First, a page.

We've updated our Privacy Policy to make it clearer how we use your personal data.

We use cookies to provide you with a better experience. You can read our Cookie Policy here.

Advertisement
Unlocking Photosynthesis Could Meet Growing Food Demands
News

Unlocking Photosynthesis Could Meet Growing Food Demands

Unlocking Photosynthesis Could Meet Growing Food Demands
News

Unlocking Photosynthesis Could Meet Growing Food Demands

Credit: Pixabay
Read time:
 

Want a FREE PDF version of This News Story?

Complete the form below and we will email you a PDF version of "Unlocking Photosynthesis Could Meet Growing Food Demands"

First Name*
Last Name*
Email Address*
Country*
Company Type*
Job Function*
Would you like to receive further email communication from Technology Networks?

Technology Networks Ltd. needs the contact information you provide to us to contact you about our products and services. You may unsubscribe from these communications at any time. For information on how to unsubscribe, as well as our privacy practices and commitment to protecting your privacy, check out our Privacy Policy

Scientists have solved the structure of one of the key components of photosynthesis, a discovery that could lead to photosynthesis being "redesigned" to achieve higher yields and meet urgent food security needs.

The study, led by the University of Sheffield, reveals the structure of cytochrome b6f - the protein complex that significantly influences plant growth via photosynthesis. The research was conducted in collaboration with the Astbury Centre for Structural Molecular Biology at the University of Leeds.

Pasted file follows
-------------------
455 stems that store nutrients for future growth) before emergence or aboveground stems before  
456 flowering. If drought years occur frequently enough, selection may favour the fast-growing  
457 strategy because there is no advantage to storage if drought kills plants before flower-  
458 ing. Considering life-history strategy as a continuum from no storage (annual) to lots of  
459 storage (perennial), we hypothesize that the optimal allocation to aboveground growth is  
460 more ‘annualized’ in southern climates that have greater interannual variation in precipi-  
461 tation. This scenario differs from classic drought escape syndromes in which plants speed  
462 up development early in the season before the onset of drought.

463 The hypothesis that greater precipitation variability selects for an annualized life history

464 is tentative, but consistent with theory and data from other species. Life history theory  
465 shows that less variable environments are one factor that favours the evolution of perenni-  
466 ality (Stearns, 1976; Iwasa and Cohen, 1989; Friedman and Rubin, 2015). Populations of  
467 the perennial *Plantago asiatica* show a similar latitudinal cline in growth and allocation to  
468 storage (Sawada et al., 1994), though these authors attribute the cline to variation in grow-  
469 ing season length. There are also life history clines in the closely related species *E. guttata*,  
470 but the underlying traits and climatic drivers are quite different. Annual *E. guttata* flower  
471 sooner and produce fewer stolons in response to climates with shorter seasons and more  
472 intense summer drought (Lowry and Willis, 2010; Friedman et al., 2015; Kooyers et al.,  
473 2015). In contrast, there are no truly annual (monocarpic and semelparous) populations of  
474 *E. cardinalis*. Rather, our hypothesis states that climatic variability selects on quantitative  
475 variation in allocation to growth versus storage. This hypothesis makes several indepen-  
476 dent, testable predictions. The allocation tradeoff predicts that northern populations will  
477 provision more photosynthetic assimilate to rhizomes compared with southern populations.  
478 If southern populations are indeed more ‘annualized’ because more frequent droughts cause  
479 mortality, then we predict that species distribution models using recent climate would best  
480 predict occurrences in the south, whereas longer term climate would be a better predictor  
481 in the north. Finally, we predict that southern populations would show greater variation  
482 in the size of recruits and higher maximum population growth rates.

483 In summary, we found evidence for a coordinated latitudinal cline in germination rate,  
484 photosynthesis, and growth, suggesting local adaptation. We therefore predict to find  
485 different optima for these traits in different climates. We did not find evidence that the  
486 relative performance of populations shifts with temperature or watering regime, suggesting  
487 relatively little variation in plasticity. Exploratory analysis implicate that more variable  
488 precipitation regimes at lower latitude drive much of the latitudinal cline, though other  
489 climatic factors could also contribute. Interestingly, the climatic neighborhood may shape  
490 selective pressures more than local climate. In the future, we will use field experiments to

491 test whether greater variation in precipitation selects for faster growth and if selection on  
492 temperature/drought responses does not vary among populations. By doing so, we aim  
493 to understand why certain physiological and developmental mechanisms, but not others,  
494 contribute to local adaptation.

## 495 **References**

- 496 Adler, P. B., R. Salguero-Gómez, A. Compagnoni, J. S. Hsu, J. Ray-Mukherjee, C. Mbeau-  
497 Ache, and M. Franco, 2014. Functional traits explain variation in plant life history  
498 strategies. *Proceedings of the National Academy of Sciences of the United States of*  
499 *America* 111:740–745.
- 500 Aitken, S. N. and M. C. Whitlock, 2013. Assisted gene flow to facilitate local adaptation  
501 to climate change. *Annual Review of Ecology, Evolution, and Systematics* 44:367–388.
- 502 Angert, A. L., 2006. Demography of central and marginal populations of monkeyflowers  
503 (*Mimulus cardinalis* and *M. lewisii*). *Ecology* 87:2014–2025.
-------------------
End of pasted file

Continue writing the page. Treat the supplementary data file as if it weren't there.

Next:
Photosynthesis is the foundation of life on Earth providing the food, oxygen and energy that sustains the biosphere and human civilization.

Using a high-resolution structural model, the team found that the protein complex provides the electrical connection between the two light-powered chlorophyll-proteins (Photosystems I and II) found in the plant cell chloroplast that convert sunlight into chemical energy.


 

The protein structure solved in the study. Credit: University of Sheffield

Lorna Malone, first author of the study, said: “Our study provides important new insights into how cytochrome b6f utilizes the electrical current passing through it to power up a ‘proton battery’. This stored energy can then be then used to make ATP, the energy currency of living cells. Ultimately this reaction provides the energy that plants need to turn carbon dioxide into the carbohydrates and biomass that sustain the global food chain.”

The high-resolution structural model, determined using single-particle cryo-electron microscopy, reveals new details of the additional role of cytochrome b6f as a sensor to tune photosynthetic efficiency in response to ever-changing environmental conditions. This response mechanism protects the plant from damage during exposure to harsh conditions such as drought or excess light.

Dr Matt Johnson, one of the supervisors of the study added: “Cytochrome b6f is the beating heart of photosynthesis which plays a crucial role in regulating photosynthetic efficiency.

“Previous studies have shown that by manipulating the levels of this complex we can grow bigger and better plants. With the new insights we have obtained from our structure we can hope to rationally redesign photosynthesis in crop plants to achieve the higher yields we urgently need to sustain a projected global population of 9-10 billion by 2050”.

Researchers now aim to establish how cytochrome b6f is controlled by a myriad of regulatory proteins and how these regulators affect the function of this complex.

Reference

Malone et al. (2019) Cryo-EM structure of the spinach cytochrome b6f complex at 3.6 Å resolution. Nature. DOI: https://doi.org/10.1038/s41586-019-1746-6

This article has been republished from the following materials. Note: material may have been edited for length and content. For further information, please contact the cited source.

Advertisement